Timeless and versatile, midnight blue is – as Christian Dior put it – “the only color that can compete with black”.

Starry, starry night

Named for its evocation of the color of the night sky around the full moon, it is the shade Vincent van Gogh reached for when capturing the magic of the pre-dawn sky in his iconic 1889 painting Starry Night. In design terms, midnight blue has the flexibility of a neutral, complementing almost any other shade and introducing a note of refinement to an interior space.

Multi-purpose, Multi-lite

The 1972 Multi-Lite Collection by Louis Weisdorf represents the ‘golden era’ of Danish design, featuring two adaptable, characterful shades that are sure to become the focal point of any room. A metal ring, two concentric cylinders and a pair of rotating quarter-sphere shades form the playful and customizable lamps of the Multi-Lite Collection. Simply adjusting the shades transforms the light, enabling the light to be directed upwards, downwards or even in asymmetric beams.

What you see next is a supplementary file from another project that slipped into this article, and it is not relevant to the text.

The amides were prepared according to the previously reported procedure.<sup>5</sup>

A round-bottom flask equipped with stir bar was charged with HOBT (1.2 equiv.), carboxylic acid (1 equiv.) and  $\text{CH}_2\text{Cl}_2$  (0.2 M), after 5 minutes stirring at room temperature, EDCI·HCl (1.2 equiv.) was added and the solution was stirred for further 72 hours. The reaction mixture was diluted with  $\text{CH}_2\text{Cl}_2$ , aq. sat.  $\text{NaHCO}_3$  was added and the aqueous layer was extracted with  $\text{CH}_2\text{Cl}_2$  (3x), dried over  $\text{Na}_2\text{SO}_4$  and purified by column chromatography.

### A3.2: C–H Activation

Weisdorf had a passion for objects that can be changed by the user, involving them in the design process and offering a more dynamic design. Today, he is world-renowned, and his lamps are sought after collectors’ items.


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Louis Weisdorf (1932– 2021) was a well-known Danish architect and industrial designer. After becoming one of the youngest designers to graduate from the Royal Danish Academy of Fine Arts in Copenhagen in 1954, he worked across graphic, interior, architectural, and industrial design. Weisdorf described himself as a specialist in versatility, which sums up the prodigious and notable career of this multi-faceted designer.